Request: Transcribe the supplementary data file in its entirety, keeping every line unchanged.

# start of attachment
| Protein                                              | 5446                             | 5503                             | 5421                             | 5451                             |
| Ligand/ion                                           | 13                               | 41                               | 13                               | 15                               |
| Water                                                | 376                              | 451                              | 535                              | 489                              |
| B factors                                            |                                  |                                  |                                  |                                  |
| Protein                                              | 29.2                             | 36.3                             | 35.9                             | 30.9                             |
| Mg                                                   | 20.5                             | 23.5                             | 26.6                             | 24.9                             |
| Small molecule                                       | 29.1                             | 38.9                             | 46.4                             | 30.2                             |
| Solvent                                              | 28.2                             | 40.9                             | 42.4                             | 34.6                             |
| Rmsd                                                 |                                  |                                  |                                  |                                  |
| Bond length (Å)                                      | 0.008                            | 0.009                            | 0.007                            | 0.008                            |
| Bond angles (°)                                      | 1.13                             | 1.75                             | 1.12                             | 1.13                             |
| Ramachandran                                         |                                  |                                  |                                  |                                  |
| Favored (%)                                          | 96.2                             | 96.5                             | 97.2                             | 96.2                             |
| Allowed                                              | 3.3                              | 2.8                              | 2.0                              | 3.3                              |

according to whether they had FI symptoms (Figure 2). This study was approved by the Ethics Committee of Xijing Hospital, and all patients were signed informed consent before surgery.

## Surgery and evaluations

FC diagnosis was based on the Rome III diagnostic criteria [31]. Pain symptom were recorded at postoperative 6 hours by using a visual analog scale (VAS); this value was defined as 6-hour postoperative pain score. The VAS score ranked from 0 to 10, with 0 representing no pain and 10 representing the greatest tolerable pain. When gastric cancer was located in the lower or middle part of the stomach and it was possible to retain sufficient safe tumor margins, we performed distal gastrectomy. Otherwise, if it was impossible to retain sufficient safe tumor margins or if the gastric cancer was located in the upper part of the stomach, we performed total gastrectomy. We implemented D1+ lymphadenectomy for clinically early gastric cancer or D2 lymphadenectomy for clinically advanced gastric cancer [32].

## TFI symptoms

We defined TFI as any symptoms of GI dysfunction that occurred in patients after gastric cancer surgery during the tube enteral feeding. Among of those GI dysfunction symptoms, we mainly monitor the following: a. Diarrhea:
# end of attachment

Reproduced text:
| Protein                                              | 5446                             | 5503                             | 5421                             | 5451                             |
| Ligand/ion                                           | 13                               | 41                               | 13                               | 15                               |
| Water                                                | 376                              | 451                              | 535                              | 489                              |
| B factors                                            |                                  |                                  |                                  |                                  |
| Protein                                              | 29.2                             | 36.3                             | 35.9                             | 30.9                             |
| Mg                                                   | 20.5                             | 23.5                             | 26.6                             | 24.9                             |
| Small molecule                                       | 29.1                             | 38.9                             | 46.4                             | 30.2                             |
| Solvent                                              | 28.2                             | 40.9                             | 42.4                             | 34.6                             |
| Rmsd                                                 |                                  |                                  |                                  |                                  |
| Bond length (Å)                                      | 0.008                            | 0.009                            | 0.007                            | 0.008                            |
| Bond angles (°)                                      | 1.13                             | 1.75                             | 1.12                             | 1.13                             |
| Ramachandran                                         |                                  |                                  |                                  |                                  |
| Favored (%)                                          | 96.2                             | 96.5                             | 97.2                             | 96.2                             |
| Allowed                                              | 3.3                              | 2.8                              | 2.0                              | 3.3                              |

according to whether they had FI symptoms (Figure 2). This study was approved by the Ethics Committee of Xijing Hospital, and all patients were signed informed consent before surgery.

## Surgery and evaluations

FC diagnosis was based on the Rome III diagnostic criteria [31]. Pain symptom were recorded at postoperative 6 hours by using a visual analog scale (VAS); this value was defined as 6-hour postoperative pain score. The VAS score ranked from 0 to 10, with 0 representing no pain and 10 representing the greatest tolerable pain. When gastric cancer was located in the lower or middle part of the stomach and it was possible to retain sufficient safe tumor margins, we performed distal gastrectomy. Otherwise, if it was impossible to retain sufficient safe tumor margins or if the gastric cancer was located in the upper part of the stomach, we performed total gastrectomy. We implemented D1+ lymphadenectomy for clinically early gastric cancer or D2 lymphadenectomy for clinically advanced gastric cancer [32].

## TFI symptoms

We defined TFI as any symptoms of GI dysfunction that occurred in patients after gastric cancer surgery during the tube enteral feeding. Among of those GI dysfunction symptoms, we mainly monitor the following: a. Diarrhea: